Writing a client profile should be pretty straightforward. You answer a few common questions like who they are, where they live, and what they do.
Yet, in some ironic way, the longer I work as Program Director in Honduras, the harder it is to write a blog about someone. You’d think it’d be the opposite; the more I get to know the client base the more details I can provide. I’ve found, though, that there’s an odd sense of discomfort when writing about someone I know.
Let me explain.
When arriving in Honduras, things are different. You drive down the street and there’s speakers blaring out promotions for a chicken restaurant. The traffic is horrible. Mobs of kids run around your knees and tortilla ladies flag you down on the corner. I could write a novel about the sensor-overload that is downtown Progreso.
This first impression extends to the people as well.
You meet so many people at once. You get to know a few and work with others. You laugh together, ride buses together, shake hands and get on the same page. And when it’s time to write home to your friends and family, the content is all there. You’re so excited about who you’ve met, there’s nothing stopping you from writing a great piece.
Writing profiles is easy in that case, but stay longer and watch what happens.
After a while, you stop hearing the loud promotions from the chicken restaurant.
You don’t just laugh with people, you cry with them too. You shake hands and you give hugs. You cradle their new born babies. Sometimes you’re not on the same page. Sometimes you don’t like who you work with. Sometimes they’re the most inspiring part of your life.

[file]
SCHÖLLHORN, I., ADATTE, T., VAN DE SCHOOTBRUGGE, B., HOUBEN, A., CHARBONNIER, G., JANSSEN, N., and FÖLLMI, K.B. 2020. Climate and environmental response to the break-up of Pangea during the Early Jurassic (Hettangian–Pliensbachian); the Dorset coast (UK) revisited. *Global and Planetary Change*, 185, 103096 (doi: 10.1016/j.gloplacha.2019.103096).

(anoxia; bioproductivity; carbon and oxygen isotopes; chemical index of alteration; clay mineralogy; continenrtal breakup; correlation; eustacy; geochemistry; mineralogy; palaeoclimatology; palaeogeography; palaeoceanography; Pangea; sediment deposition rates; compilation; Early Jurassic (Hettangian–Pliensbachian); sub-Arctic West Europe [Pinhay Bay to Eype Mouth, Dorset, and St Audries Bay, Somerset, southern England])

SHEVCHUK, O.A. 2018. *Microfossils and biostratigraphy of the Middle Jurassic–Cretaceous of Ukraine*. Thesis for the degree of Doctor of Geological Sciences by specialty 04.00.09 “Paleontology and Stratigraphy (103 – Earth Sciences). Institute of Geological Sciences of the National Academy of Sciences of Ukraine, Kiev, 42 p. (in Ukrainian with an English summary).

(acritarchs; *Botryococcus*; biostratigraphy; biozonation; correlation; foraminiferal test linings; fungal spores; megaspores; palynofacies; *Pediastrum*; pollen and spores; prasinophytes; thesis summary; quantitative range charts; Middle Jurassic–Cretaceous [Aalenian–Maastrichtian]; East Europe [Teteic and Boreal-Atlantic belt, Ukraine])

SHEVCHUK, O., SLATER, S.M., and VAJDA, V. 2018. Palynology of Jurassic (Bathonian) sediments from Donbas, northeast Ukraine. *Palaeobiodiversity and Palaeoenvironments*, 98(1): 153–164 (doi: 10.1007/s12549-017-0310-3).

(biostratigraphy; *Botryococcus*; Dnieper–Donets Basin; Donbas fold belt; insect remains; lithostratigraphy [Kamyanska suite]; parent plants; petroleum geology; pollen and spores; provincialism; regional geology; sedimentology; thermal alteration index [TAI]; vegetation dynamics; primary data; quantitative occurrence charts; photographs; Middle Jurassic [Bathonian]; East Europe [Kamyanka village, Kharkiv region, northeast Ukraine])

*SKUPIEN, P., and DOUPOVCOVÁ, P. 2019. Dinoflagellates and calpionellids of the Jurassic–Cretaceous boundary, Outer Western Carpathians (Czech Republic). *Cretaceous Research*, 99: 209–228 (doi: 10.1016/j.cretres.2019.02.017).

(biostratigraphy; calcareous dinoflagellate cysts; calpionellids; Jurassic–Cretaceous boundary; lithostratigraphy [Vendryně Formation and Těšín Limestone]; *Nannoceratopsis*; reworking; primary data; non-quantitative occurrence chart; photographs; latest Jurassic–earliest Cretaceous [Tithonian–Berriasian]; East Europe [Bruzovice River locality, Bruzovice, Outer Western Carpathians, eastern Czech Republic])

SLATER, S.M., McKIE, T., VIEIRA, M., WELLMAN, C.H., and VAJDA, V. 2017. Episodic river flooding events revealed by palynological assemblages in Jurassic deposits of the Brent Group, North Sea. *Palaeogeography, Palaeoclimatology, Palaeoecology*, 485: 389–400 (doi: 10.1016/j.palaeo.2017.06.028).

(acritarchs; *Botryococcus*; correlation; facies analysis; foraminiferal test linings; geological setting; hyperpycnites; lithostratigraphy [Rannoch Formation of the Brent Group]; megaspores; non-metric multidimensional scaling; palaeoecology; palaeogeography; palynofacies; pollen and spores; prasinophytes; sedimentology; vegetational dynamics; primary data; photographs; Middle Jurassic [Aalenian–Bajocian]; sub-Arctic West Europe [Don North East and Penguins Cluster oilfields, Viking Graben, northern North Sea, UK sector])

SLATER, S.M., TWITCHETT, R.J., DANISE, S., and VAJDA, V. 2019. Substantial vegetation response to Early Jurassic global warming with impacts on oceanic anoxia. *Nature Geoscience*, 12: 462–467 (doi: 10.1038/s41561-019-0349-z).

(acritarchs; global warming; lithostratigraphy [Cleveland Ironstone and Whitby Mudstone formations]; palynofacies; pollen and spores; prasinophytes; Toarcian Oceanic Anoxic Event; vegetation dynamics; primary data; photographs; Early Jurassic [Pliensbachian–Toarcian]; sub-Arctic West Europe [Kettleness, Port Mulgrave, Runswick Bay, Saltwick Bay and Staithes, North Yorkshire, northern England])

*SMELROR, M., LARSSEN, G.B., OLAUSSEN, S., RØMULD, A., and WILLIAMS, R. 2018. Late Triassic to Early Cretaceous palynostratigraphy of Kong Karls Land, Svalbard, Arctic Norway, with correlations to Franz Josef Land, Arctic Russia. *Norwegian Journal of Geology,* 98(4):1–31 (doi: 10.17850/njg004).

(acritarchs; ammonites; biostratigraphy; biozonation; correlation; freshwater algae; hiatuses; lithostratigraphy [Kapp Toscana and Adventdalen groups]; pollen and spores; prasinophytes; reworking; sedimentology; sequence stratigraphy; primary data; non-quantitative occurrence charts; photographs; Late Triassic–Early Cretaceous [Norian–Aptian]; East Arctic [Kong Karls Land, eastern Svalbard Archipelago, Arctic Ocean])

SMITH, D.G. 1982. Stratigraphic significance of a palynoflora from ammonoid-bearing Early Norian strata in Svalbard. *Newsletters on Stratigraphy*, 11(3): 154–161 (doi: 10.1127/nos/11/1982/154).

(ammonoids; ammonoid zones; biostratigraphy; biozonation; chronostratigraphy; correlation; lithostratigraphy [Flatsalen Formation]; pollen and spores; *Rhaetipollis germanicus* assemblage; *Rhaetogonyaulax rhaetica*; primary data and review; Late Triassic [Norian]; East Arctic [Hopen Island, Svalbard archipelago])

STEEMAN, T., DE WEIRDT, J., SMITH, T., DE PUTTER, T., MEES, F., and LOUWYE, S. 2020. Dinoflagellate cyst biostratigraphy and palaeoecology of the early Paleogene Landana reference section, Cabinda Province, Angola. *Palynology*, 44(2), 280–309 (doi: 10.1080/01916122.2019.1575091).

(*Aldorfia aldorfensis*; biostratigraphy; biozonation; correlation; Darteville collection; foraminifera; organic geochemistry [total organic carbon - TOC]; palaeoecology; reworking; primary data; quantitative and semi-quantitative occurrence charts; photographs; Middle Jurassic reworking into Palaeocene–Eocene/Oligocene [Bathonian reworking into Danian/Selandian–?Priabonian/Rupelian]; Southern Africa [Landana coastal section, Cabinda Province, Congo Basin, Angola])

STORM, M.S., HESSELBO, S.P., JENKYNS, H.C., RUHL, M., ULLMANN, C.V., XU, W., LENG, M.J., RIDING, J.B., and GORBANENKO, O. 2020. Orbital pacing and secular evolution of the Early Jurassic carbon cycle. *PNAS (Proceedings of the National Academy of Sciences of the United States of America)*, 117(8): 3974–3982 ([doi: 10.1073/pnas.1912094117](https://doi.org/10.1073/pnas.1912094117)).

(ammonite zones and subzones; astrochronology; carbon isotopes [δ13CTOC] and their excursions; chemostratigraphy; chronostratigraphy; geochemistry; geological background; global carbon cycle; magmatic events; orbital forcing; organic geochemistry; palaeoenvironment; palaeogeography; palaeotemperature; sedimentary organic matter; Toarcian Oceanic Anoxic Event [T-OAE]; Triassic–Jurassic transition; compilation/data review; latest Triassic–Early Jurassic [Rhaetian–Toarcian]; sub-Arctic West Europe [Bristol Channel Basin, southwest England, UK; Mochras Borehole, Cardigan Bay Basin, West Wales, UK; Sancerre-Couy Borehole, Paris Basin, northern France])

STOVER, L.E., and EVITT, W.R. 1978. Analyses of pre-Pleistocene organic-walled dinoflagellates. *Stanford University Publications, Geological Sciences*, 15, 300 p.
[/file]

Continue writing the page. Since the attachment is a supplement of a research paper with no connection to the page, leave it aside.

Suddenly, what used to be content for you blog becomes normal everyday happenings.
The people you’re meant to profile, become friends and rivals.
It would be like writing a blog about a coworker who sits next to you at the office. Or the woman at the register when you pay for lunch. How would you feel about detailing your their life in a blog? Someone you see every day. What would you feel when you made it public, posting it as part of your job description?
It isn’t exactly the same, but the analogy is there.
The more I know clients, the harder it is to make their lives the content for my blogs, because everyday life doesn’t always seem like good content (nor appropriate content, mind you).
When I read blogs about clients, or students, or people in general, I wonder about your relationship between the author and the subject. How do they act around one another? Where do they live in respect to each other, and what do they do when there isn’t a pen and pad between them?
Everyday life is what the writer looks deeply into to find those interesting, universal patterns and insights. You, being a writer, have found one.